SUMq a temwoy bramh office of the Planning Division in 41 AdW404A**OwW to better work with the area residents at detri ct zoai ng c I a, s s i f fca ti on vomem, Aort di;
Wioble to the 4(istritt to question which will
AefOW rh"& Plaroin, Vol 39,
of Plamift's OfficiAlst ChIcagot Gct0 t Development '*Sectioa 500.0. Renewal
1973. Page 23.
account specific performance standards required to conparticular land uses of the area with considerations given
4ieto #eight density,, and design standards (See Appendix); and
Avel a.14nd use/zoning plan in conjuction with the citizens
st s *1 Not ighhod, in order' to determfne!.
dbaser. 8siggated land use for each pare in the. neighborhood;
of te acetable future use for each prceTl in the nigho rhoo0d;
36th ye otiecssary land uses that shoul be6: removed; and
arms t othbd Tend uses in the area. Oft CPH d
$$ t t th ty Of as- Cofnted wi th a University of Florida Archclass to study, evaluate, and provide alternative urban designs
TOMMb e rtMwa. The choice- of. enumeration district. 1644
at afr an Intensive Area Development Plan would provide
tive efforts at a truly comprehensive plan for both the
D Strict (abuneraiion district 1649 -See Whp 6) and
I 5 <1644. Thy commercial, medical, and transportation *'5 M dftof epu*erition district 1644 can by accomodated
4 a tyd)thrt, ft example, in -aryreaksiderations: of
Ifts t' flred~.wi ~
VUW Otbf4si 1 4 risr M aur wwhab i
te fte!d of ftinor ref**abTItf t' M
OVgIO 604h at Pe-e hation bae o- Aovr t" ---> q
of 'PI dti on ..... ... ... ...
Frepar .. ...
i6dlibf the estimates Whichfollow with regatoft:to 01 ayt rIrIIVIaVtth&,t the effort should be an intensive, concentrated enA 'this assumption is based on two essential factors. One is that
WWU be easier and more productive to stimulate and hold the interest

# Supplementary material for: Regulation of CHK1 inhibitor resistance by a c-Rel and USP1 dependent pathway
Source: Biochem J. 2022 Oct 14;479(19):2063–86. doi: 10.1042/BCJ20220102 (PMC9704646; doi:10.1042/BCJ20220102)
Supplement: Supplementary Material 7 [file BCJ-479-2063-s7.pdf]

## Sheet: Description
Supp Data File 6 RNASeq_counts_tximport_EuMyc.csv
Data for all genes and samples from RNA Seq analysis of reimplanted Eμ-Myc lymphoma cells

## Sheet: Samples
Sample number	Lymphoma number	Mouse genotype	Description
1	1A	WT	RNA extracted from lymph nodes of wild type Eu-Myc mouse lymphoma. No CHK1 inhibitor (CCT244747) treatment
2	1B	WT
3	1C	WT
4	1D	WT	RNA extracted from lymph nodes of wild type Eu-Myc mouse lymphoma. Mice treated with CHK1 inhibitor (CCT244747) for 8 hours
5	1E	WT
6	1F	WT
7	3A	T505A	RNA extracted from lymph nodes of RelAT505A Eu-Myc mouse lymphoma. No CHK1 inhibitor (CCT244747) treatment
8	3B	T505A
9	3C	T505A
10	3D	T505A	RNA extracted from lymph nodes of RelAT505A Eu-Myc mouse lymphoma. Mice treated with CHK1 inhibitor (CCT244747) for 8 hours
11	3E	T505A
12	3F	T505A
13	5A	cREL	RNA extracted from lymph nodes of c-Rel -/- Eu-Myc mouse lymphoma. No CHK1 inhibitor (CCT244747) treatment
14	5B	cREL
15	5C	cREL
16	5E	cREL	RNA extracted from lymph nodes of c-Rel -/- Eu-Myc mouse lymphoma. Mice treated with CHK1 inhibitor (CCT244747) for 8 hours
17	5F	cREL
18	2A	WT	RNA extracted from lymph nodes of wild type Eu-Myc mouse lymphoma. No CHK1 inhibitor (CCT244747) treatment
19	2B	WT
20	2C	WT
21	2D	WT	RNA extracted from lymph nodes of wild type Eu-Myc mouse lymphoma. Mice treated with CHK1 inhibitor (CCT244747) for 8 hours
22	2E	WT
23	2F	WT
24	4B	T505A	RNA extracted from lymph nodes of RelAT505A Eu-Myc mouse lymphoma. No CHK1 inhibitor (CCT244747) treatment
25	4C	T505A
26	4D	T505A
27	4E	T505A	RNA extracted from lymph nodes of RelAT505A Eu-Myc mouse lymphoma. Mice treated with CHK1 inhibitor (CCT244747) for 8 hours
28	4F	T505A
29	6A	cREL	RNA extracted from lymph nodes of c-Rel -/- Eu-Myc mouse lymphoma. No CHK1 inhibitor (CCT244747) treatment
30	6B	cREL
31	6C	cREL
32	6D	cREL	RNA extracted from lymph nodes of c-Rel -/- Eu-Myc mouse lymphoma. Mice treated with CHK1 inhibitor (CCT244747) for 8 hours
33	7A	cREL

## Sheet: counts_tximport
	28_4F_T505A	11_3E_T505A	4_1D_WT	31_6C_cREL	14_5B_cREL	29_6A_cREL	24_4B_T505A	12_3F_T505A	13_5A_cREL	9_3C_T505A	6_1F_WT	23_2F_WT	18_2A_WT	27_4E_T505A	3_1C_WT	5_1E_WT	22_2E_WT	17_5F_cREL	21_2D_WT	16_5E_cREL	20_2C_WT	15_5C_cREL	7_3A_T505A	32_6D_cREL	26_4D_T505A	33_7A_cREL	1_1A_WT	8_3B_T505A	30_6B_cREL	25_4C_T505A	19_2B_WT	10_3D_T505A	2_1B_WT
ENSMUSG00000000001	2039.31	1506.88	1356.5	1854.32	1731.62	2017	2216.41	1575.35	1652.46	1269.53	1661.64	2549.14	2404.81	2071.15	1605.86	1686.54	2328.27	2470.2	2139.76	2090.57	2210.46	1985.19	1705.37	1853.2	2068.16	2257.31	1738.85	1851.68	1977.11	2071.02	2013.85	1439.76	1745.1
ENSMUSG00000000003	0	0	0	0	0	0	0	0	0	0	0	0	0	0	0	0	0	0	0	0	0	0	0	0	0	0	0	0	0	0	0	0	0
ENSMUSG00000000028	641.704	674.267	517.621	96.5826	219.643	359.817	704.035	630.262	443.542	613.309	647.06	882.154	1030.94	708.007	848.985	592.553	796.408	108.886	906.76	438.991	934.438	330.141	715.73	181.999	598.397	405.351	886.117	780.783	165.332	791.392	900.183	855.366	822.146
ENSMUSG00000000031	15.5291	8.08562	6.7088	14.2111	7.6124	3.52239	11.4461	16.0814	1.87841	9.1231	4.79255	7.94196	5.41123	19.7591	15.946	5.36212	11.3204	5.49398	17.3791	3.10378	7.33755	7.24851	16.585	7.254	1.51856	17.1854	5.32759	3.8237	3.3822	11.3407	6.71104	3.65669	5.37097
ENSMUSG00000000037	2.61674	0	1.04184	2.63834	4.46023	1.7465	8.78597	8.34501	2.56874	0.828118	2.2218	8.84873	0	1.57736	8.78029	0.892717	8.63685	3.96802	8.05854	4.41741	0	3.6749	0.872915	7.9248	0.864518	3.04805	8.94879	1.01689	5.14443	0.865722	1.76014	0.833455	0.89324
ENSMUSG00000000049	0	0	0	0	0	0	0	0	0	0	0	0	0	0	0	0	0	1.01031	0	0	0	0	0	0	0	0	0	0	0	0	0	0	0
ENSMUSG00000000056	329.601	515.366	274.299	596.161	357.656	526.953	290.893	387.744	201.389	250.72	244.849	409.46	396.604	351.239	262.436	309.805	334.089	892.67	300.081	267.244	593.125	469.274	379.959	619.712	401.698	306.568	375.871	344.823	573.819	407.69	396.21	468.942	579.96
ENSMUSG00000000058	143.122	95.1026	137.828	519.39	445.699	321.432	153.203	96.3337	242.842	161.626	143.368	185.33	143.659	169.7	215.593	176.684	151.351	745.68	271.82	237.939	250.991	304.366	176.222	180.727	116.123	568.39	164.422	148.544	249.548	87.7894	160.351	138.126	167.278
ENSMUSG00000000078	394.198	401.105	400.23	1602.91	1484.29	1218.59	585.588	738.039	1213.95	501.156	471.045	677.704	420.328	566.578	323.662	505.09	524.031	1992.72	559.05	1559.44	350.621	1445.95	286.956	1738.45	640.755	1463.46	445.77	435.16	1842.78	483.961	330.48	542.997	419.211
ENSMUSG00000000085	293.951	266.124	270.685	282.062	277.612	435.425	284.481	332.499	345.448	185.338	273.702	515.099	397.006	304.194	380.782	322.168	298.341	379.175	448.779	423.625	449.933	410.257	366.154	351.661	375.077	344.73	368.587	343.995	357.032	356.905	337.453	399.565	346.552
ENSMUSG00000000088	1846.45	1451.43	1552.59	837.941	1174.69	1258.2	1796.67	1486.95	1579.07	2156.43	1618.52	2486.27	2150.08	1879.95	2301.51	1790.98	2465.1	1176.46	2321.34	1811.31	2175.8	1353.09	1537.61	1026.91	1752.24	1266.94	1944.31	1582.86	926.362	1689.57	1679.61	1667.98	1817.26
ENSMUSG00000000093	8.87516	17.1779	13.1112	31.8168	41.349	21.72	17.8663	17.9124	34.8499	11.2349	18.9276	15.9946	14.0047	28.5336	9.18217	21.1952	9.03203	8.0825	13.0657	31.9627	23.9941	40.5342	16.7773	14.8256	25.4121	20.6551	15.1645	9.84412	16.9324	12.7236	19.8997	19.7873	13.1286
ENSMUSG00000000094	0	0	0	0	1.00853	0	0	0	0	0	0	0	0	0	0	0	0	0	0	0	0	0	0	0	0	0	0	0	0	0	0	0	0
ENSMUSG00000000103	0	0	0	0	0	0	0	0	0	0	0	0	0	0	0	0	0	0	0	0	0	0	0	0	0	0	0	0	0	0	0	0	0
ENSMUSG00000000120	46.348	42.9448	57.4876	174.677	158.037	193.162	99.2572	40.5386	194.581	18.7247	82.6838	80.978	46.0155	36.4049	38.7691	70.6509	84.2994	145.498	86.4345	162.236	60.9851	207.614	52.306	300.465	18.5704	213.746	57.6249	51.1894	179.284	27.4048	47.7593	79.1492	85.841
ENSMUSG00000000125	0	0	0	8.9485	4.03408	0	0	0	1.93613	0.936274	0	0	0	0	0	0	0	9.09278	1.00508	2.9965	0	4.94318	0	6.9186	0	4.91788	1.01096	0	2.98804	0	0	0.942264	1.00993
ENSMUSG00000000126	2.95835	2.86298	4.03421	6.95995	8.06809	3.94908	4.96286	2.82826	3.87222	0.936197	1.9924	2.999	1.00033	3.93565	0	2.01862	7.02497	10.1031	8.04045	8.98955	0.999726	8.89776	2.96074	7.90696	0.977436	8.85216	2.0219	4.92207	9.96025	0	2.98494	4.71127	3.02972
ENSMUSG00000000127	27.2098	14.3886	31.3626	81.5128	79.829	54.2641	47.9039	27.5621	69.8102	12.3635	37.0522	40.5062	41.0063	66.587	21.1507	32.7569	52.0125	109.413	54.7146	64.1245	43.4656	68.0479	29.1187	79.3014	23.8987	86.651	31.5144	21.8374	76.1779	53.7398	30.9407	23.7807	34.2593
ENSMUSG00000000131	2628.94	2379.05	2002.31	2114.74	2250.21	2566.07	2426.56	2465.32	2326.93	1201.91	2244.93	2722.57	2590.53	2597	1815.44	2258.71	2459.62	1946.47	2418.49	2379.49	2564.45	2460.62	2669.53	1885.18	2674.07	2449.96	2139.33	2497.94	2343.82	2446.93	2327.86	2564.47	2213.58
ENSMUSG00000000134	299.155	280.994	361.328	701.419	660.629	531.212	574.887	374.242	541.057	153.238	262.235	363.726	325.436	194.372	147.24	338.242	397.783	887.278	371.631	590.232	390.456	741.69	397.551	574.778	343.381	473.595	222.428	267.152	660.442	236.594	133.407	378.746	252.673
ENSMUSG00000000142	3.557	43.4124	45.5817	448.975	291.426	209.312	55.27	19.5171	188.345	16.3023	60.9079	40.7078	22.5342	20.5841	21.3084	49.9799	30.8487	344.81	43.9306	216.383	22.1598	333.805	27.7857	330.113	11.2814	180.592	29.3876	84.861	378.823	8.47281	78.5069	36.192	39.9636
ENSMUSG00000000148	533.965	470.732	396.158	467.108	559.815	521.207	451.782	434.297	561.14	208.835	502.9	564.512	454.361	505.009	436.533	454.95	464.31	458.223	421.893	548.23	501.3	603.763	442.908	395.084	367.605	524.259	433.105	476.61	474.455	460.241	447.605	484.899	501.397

aft& residents for such a short time frame. Secondly, it was assumed atftnds reftining in the current 701 program (which ends W diOLAAOi t6 this efforts: A practical- difficulty is in that we must firs.t recruit a qualified
Witr*iH* the area residents in a sWh period of time. We
fidn I t however, that we can successfully recruit such a person,
7 laft* V*0$k&re4 by abodt Noveiber.
ei ts needs and desires ..................... $89000
.... ... ... ....
r's ful I -time 8 monfhs $109800
"Ie"r,, mite students
I ;LMWI 0 ", S *ft iM aneous $24 SIM
0 joa+.ftrials, rental of V
Co a go" *a* 0.6,44,40*64 0. 0 to 1.11000
peft of thfg year I's pmprehensive plandnoiinj JOIj 1, 1974. The rematnd&
,asft f I's 701 Program. 'Tn
;rt Of next yeai
000 i*Abe omvious, report, such as is"''O. Wuld 'be ibsorWd through the onthe fol IoWi" 'results of the eval ua W4IU IR emporation district 1644:
pot C-w4f" -0 Aij*j'Ij'_4
41410W istlow "bwfkkoi ng, ML. & 41
se up to the abId !er imi t for
is estimated approximately 183 housing units in need of minor it the very least, $1,,500 worth of materials e4ettivtlY bring them up to minimum code Wquiremelnts... It
ftteO 1ha 'Utt guess" estimat6s are strongly felt to be
i4e. The result is the fo I 1owl ng breakdown. of housing
lit' bn 1644:
. .... .... .........
of tMits 731 100
I i tation/0 earance :: 60:: 908 need of minor rehabilitation 183 .25
A&ISU4 ,toad 488 .7
tl* 60'WM- t resi&ntial struktur S, (by enforcing,+lous"
Worft residential sttuctUres wodl d.: imt .... ... .. .. .....
AretfAf I MW artl resf&ntial' structures in aitnor disrOalir:
t 1! $2741,500
Crop V6 P)
ths"10tthe individual housing quality, Should the
*11WITWCOP"dOmd for improvement, the Commission should Videt system. To pave (i.e. streetsi ima "4014ntUl 4t"ets (i.e. N.W. 3rd,, 5th and
*d;' .W- VWl"It.1i. #th, *.-W. 70th, and N.W. 12th Street&).
per linear foot, or $834,960. 'W4*,79W,- ViOrt Oft1d, be vots of acquisition or cersbeci4l facilities that miqht be 'necessary
t i, t ,swid The wted that
I a P#*Vsn "k*.
,An enumeration district 1644, a semi-payin.9 V To complete this program will cost